In my previous post titled “On David Hundeyin’s Cornflakes of Jihad”, Professor Mukhtar Umar Bunza asked a compelling question “who determines who is a terrorist sponsor and who is not”?
This question is at the core of the securitization of religion that assumed an institutionalized status in the post 9/11 milieu. Scholars of critical studies on terrorism have extensively debated the inherently problematic nature of the terrorism label. Terrorism is a widely disputed socio-political phenomenon, and the very act of discerning what events count and do not count as terrorism cannot be considered entirely value-free. The study of terrorism is frequently dependent on value-laden concepts like “extremism,” “radicalism,” “fundamentalism,” et al., and efforts to understand the historical roots and social foundations of these concepts have often been disregarded.
It has become something of a cliché for Nigerian academics and journalists to use the term “terrorism” unreflectively. The issue of how terrorism is defined is central to the way local and international authorities prosecute the Global War on Terror. The definitional conundrum also affects the way terrorism is understood under international and domestic laws. How we define who is a terrorist or what counts as terrorism has important implications for the social construction and reproduction of knowledge about the subject.
As Richard Jackson rightly observed, the definitional debate on terrorism has indirect consequences for individuals and groups labeled as “terrorists” who may then be legally subjected to torture, rendition, and interment and for the “suspect communities” they belong to. There is a clear and underlying discourse of power on who gets to define “what is or what is not terrorism, who is or who is not a terrorist.” Any meticulous observer of global politics would agree with the fact that this discourse of power is imbalanced, has often been implicitly biased against Muslims, and is hardly subjected to scrutiny. The power dynamics that undergird the nomenclature on terrorism is precisely what Ibrahim Zakzaky attempted to challenge in the attached image below, taken during his interview in 2002.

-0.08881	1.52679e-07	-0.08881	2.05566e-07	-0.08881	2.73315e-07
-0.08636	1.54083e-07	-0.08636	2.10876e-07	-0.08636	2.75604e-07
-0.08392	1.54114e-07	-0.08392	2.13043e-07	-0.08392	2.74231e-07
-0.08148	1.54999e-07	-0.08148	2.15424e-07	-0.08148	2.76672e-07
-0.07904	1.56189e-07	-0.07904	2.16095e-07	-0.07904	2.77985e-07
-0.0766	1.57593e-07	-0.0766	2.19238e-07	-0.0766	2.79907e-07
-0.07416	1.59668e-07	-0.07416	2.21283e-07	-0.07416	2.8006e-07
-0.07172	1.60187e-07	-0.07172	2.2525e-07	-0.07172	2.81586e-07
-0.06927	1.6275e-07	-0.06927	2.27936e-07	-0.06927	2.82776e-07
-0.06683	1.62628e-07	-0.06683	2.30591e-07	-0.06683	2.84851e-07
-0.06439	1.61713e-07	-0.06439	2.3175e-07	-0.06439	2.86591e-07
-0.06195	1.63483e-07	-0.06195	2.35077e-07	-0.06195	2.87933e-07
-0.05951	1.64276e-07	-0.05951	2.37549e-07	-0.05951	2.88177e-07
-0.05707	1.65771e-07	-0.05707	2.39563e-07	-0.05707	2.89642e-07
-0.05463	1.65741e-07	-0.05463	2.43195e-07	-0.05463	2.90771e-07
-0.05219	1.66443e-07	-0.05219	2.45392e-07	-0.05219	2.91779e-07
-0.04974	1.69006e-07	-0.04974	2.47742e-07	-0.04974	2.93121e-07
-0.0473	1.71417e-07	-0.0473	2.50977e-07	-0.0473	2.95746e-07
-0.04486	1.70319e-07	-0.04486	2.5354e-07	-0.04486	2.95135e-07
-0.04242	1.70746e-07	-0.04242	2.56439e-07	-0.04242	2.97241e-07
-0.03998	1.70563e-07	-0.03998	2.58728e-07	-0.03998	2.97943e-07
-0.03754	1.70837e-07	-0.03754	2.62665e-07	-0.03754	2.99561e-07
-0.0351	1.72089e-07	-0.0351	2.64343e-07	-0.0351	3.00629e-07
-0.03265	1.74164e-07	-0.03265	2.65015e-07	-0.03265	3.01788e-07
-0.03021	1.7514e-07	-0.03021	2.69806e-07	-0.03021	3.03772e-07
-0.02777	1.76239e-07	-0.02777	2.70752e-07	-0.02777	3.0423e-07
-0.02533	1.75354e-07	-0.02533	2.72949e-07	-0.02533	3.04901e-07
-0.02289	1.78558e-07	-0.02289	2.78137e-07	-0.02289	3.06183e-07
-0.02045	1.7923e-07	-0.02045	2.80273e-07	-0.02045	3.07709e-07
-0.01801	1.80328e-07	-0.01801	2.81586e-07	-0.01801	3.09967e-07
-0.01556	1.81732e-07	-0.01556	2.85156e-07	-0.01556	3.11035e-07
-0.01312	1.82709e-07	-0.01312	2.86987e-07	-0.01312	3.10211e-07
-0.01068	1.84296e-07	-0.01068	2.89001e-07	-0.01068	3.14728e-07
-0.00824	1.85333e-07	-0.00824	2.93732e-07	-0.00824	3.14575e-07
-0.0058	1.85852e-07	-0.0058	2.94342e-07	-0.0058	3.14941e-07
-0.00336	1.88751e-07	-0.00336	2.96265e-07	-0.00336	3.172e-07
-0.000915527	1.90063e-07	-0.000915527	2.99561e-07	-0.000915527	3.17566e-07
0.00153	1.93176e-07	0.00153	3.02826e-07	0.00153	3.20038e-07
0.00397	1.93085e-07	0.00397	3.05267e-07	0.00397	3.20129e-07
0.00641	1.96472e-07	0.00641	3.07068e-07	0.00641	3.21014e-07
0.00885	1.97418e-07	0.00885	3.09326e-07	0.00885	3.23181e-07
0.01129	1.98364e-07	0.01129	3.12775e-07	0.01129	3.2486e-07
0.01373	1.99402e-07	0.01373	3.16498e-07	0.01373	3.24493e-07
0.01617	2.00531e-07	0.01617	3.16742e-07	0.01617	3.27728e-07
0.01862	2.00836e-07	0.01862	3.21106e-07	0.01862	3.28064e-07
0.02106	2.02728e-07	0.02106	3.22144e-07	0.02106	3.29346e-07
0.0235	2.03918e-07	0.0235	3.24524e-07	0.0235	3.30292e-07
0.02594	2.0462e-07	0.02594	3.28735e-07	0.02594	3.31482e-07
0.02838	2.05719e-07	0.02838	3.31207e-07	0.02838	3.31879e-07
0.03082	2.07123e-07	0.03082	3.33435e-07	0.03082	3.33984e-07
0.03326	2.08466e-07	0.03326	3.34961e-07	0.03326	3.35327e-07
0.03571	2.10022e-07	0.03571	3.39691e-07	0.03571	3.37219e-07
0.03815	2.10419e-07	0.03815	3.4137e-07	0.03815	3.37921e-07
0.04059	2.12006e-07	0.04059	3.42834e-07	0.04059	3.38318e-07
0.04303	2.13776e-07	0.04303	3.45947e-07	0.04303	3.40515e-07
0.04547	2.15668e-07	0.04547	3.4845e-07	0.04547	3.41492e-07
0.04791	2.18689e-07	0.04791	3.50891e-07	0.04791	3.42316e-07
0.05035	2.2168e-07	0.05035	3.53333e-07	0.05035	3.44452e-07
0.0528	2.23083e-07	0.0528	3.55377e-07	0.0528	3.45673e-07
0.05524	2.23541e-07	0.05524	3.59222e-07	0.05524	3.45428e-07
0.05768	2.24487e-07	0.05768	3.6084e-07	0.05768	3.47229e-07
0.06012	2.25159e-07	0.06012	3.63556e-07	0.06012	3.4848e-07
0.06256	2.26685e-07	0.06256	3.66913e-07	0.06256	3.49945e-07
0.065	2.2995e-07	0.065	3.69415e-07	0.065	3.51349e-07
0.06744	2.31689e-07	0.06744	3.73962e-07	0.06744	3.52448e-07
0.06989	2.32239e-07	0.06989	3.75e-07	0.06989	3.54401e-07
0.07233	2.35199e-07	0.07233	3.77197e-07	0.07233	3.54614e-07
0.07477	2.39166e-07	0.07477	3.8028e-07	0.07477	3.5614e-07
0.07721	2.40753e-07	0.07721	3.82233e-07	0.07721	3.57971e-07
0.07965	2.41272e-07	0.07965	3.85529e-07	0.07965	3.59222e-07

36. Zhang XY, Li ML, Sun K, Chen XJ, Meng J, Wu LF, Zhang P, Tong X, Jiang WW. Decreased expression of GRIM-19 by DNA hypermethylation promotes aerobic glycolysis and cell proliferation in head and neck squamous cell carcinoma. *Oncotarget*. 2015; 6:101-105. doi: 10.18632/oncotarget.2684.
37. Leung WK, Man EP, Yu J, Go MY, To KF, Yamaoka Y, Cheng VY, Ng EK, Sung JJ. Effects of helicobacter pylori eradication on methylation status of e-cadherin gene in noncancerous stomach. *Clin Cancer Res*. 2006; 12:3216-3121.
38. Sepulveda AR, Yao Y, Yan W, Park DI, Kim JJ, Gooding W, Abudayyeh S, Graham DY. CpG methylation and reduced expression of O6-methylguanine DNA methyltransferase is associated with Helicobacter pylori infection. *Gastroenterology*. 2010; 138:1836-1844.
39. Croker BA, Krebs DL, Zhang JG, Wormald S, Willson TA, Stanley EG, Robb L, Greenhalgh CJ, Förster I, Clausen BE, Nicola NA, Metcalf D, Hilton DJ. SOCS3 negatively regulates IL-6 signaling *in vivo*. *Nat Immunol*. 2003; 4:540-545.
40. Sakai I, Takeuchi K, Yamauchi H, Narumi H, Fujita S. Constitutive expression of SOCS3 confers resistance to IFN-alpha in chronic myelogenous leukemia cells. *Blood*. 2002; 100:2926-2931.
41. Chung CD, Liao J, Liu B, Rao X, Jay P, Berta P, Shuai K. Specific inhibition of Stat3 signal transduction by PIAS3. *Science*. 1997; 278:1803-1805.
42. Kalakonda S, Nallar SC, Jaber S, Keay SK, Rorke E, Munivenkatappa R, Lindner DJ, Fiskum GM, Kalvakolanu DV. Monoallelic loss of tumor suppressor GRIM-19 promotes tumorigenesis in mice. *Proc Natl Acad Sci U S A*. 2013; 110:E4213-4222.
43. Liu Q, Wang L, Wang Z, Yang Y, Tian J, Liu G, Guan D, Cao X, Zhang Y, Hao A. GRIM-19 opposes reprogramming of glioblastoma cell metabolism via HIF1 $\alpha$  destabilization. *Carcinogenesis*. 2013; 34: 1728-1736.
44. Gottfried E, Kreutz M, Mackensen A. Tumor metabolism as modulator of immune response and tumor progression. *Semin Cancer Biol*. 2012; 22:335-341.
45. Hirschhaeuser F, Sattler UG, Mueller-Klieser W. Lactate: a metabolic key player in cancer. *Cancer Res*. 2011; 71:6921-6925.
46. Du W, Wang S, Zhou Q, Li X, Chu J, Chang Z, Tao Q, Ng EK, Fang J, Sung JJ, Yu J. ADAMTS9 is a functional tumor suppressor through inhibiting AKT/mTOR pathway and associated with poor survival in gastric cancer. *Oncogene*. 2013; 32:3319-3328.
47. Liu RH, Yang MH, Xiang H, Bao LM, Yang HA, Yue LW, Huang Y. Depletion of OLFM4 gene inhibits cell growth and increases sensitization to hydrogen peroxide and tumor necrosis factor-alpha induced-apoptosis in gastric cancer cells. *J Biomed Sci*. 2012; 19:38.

Again, let me reiterate for the umpteenth time, David Hundeyin’s article is inundated with traceable and verifiable records that most figures in the religious establishment of northern Nigeria know but would rather be silent upon. This act of silence, in my opinion, is an act of cowardice. The complexity of these issues and the complicated histories of entanglements between the Muslim organizations and scholars in Nigeria and the local and global individuals and groups that have now been proscribed as “terrorist entities” should have been addressed a long time ago. Even something as crucial as the history of engagement between Nigerian Muslim scholars and Al-Muntada al-Islami has been left unresolved.
Two years before David Hundeyin wrote his exposé on Isa Ali Pantami, Professor Andrea Brigaglia had already unearthed and analyzed the archive of incendiary statements made by Pantami even before he became a Minister. The records of most of the figures Hundeyin mentioned in his article are known to any serious academic that studies Boko Haram. These records have been extensively documented in pricey books and paywalled journals on Boko Haram. Hundeyin’s exposé only furthered the existing records by providing updated information about the individuals whose histories have been associated with terrorism (something that reads like “where are they now”?)
Although the trove of records in Hundeyin’s piece can hardly be disputed, I believe it is crucial to approach the web of issues he raised in his article with careful attention and proper historical contextualization. I will caution, particularly Muslim readers, not to read the exposé as a vindication of the conveyor-belt theory that ties Izala directly to the emergence of Boko Haram. This theory has been nurtured in several quarters of the Muslim communities, but the reality is far more nuanced and complicated.